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Chapter 9

Wounds

Open Wounds
A break in the skins surface
resulting in external bleeding
May allow bacteria to enter the
body, causing an infection

Types of Open Wounds

Abrasion
Laceration
Incision
Puncture
Avulsion

Amputation

Care for Open Wounds


Protect yourself with medical
exam gloves.
Expose the wound.
Control bleeding.
Wash with soap and water.

Wound Cleaning (1 of 2)
Shallow wounds
Wash with soap and water and flush
with clean water.
Wound with high risk of infection
Seek medical care for wound cleaning.
If in remote area, clean as best you can.
Remove small objects with sterile
tweezers.

Wound Cleaning (2 of 2)

Covering a Wound
Cover with thin layer of antibiotic
ointment.
Cover with a sterile dressing.
Change any wet or dirty dressings.

When to Seek Medical Care


To clean high-risk wounds
For wound closure
Victim has not had a tetanus booster in
past 10 years
Victim has a dirty wound and has not had
tetanus booster in 5 years
Must receive booster within 72 hours

Signs of Infection
Swelling and redness around the wound
Sensation of warmth
Throbbing pain
Pus discharge
Fever
Swelling of lymph nodes
Red streaks leading from the wound toward
the heart

Care for Infected Wound (1 of 2)


Keep area clean.
Soak in warm
water or apply
warm, wet packs.
Elevate the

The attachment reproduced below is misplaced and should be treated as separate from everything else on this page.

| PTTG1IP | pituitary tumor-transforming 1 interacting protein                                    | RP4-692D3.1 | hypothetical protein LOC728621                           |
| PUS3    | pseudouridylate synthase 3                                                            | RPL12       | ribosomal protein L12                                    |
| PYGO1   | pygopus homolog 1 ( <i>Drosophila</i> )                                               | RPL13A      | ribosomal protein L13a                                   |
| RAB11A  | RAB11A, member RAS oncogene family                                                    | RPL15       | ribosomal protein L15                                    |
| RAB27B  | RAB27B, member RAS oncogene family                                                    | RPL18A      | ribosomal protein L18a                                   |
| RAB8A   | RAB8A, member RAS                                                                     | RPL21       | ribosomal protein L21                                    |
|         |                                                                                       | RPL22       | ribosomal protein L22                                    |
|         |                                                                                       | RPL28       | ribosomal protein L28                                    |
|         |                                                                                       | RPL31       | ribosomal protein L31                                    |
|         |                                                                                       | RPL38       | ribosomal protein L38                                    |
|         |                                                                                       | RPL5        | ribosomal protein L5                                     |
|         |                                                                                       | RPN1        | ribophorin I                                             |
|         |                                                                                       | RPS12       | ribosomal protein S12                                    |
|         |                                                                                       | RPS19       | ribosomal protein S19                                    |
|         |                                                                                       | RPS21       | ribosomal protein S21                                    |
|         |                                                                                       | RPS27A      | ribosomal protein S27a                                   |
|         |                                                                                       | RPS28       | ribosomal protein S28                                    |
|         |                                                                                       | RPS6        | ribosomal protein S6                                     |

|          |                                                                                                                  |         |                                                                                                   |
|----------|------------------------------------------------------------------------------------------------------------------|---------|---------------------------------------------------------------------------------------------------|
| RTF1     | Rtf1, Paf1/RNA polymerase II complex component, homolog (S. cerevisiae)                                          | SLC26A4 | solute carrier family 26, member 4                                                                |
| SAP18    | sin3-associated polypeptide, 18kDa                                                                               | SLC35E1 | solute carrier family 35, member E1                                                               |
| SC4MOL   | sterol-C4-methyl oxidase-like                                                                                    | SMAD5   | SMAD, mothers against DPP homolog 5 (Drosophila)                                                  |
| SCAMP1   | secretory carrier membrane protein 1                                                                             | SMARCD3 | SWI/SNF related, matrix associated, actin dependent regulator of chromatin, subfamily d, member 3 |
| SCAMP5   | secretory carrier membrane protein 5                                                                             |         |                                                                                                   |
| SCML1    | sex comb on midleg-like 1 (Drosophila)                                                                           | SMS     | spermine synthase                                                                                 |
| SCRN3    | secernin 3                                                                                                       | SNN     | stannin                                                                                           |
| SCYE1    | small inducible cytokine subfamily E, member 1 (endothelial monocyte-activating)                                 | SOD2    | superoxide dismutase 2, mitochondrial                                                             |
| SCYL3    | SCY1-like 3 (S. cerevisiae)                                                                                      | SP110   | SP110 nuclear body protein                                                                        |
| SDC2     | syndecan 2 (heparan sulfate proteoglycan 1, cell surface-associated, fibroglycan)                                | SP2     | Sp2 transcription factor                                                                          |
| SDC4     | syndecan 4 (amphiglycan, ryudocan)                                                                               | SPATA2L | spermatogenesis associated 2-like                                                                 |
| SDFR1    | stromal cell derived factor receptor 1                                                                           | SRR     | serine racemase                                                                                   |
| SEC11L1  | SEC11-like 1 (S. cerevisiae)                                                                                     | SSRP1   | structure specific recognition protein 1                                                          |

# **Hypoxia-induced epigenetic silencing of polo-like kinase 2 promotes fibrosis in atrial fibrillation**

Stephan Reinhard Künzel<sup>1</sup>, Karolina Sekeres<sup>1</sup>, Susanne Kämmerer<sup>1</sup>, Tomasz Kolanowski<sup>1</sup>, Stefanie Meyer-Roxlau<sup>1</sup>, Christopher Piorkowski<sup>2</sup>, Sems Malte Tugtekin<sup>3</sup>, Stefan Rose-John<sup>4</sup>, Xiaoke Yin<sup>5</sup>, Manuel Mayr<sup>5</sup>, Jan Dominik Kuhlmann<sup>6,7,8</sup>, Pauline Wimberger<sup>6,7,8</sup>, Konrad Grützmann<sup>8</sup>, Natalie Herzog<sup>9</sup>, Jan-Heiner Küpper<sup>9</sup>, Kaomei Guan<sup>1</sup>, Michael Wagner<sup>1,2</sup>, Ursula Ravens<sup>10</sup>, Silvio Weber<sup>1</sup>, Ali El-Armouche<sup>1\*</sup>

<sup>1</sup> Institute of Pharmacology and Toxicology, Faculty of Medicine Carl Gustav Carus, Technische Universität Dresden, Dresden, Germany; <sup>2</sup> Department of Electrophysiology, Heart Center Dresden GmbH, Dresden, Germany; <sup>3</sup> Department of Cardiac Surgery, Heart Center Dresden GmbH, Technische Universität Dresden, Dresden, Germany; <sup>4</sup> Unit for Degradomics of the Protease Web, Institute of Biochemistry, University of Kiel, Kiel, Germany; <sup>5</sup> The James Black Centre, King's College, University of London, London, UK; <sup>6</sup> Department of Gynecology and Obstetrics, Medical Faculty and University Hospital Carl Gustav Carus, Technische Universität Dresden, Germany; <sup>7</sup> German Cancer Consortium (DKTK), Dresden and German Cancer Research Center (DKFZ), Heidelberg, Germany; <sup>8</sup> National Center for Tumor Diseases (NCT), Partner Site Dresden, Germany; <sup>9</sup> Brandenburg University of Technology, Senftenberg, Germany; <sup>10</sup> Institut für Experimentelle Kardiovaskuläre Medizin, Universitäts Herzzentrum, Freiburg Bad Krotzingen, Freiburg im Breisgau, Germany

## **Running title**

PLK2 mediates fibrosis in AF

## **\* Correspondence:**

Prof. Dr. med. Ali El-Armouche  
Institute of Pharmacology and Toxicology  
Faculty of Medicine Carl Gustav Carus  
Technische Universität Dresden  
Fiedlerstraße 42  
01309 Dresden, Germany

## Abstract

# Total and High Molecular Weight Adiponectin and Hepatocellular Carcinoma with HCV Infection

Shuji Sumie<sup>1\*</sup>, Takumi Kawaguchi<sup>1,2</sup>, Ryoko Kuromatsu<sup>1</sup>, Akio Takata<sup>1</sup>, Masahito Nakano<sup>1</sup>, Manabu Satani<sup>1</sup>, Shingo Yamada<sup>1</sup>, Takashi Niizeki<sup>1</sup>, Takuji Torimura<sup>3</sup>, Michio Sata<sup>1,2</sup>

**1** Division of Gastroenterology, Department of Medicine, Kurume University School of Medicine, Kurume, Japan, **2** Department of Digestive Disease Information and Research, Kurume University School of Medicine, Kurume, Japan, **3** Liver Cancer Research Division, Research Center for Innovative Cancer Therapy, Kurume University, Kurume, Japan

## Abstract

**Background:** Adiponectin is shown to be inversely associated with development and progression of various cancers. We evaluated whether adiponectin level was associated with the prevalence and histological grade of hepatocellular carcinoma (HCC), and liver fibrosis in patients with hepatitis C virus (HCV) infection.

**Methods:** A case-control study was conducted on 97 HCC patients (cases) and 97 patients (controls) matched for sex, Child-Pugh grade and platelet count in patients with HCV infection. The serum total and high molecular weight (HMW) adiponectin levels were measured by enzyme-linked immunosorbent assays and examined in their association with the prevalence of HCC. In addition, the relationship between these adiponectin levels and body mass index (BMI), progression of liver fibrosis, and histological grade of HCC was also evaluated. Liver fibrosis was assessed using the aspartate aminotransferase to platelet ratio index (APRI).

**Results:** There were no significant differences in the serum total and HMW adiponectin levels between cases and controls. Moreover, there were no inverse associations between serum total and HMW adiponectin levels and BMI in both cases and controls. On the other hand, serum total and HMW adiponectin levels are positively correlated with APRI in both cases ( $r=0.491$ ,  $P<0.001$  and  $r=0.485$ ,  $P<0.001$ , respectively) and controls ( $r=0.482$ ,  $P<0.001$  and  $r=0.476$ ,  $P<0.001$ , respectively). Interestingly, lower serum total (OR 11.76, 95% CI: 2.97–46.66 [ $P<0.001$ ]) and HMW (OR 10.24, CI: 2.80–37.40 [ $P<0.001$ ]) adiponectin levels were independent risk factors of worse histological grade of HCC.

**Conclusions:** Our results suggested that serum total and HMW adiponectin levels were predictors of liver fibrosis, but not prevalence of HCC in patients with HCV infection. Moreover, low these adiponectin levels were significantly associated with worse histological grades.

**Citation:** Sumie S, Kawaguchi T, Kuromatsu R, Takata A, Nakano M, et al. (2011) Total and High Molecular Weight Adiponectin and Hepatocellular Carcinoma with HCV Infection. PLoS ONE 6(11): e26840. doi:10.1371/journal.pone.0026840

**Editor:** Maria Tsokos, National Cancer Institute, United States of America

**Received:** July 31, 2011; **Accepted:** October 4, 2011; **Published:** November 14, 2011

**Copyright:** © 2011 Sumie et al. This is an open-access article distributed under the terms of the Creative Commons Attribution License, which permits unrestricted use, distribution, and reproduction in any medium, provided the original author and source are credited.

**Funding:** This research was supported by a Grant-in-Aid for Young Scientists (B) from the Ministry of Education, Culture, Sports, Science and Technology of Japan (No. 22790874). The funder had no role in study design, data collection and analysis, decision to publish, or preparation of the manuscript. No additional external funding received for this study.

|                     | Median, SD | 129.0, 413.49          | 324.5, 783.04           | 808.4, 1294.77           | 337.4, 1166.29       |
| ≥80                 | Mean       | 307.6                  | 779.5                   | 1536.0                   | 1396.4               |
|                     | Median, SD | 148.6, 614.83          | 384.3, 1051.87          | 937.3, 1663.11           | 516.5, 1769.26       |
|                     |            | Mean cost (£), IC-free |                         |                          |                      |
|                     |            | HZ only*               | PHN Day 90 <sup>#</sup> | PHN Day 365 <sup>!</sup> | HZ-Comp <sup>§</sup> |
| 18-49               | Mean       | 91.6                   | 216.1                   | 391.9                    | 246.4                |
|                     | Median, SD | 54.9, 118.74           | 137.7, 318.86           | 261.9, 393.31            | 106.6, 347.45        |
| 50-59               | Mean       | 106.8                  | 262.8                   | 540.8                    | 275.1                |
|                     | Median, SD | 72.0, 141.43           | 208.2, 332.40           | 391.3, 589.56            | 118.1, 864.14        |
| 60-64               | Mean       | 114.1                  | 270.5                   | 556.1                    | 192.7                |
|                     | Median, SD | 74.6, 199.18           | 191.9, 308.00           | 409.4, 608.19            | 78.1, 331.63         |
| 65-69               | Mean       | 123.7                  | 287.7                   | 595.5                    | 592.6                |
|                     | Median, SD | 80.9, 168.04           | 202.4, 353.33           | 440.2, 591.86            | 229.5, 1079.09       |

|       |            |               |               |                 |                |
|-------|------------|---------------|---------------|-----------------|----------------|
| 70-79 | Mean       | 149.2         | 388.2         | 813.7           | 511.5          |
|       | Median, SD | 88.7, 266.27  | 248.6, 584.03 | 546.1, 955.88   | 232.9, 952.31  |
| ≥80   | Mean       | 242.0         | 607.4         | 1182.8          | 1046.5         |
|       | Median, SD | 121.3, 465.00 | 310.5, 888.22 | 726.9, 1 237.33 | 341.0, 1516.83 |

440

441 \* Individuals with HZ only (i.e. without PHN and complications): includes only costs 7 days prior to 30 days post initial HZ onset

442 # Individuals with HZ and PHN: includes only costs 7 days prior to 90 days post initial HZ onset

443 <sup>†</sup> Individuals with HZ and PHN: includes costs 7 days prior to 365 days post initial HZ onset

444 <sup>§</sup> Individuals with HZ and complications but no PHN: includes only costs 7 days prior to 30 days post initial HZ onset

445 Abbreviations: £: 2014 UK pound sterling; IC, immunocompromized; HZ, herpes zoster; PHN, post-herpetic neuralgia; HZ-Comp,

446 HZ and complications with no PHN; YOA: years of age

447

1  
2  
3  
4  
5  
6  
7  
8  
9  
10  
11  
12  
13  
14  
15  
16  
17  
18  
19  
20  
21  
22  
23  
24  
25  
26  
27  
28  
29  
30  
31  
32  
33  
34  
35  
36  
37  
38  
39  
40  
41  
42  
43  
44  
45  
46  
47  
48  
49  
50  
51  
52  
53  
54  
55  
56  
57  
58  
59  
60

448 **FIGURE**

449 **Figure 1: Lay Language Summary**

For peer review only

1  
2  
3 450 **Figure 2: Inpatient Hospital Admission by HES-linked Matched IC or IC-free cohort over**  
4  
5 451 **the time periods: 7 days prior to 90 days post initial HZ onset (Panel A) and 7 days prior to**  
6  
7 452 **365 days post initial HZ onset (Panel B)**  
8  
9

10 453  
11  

infected portion of
the body.

Care for Infected Wound (2 of 2)


Apply antibiotic ointment.
Change the dressings daily.
Seek medical help if infection
persists or becomes worse.

Tetanus
Tetanus bacterium enters a wound
that contains little oxygen and
produces powerful toxin.
No known antidote to the toxin once it
enters bloodstream.
A tetanus vaccine can completely
prevent the disease.

Amputations
In many cases,
amputated
extremity can be
replanted.
Types
Guillotine
Crushing
Degloving

Care for Amputations

Control bleeding.
Treat for shock.
Recover amputated part.
Wrap part in gauze, place in a bag,
and keep bag cool.
Transport the part with the victim.

Blisters
A collection of fluid
in a bubble under
outer layer of skin.
Repeated rubbing
of small area will
produce a blister.

Care for Blisters


If blister on foot is open or very painful:
Clean with soap and water.
Drain fluid from blister with a sterilized
needle.
Apply layers of moleskin or molefoam.
Apply antibiotic ointment.

Impaled (Embedded) Objects


Many kinds of objects can become
impaled and cause significant
internal damage:
Pencils
Screwdrivers
Knives
Glass
Steel rods
Fence posts

Care For Embedded (Impaled)


Objects
Expose area.
DO NOT remove
the object.
Control bleeding
around the
object.
Stabilize the
object.

Slivers
Can be painful and irritating
Usually easily removed with tweezers
After removal, clean with soap and water
and apply adhesive strip.
Special cases:
Cactus spines: Use white wood-working
glue
Fishooks: Use pliers with tempered
jaws or fishline method

Closed Wounds
Results when a blunt object strikes the
body
Skin is not broken but tissue and blood
vessels are crushed.
Types of closed wounds:
Bruises and contusions
Hematomas
Crush injuries

Wounds That Require


Medical Attention
Uncontrolled
bleeding
Deep wounds
Large or deeply
embedded objects
Foreign matter in
wound
Human or animal
bite

Possibility of a scar
Eyelid cut
Slit lip
Internal bleeding
Uncertain how to
treat
Need a tetanus shot

Gunshot Wounds
A bullet causes injury in
two ways:
Laceration and
crushing
Shock waves and
temporary cavitation
Initial care for gunshot
wounds is roughly the
same as for any other
wound.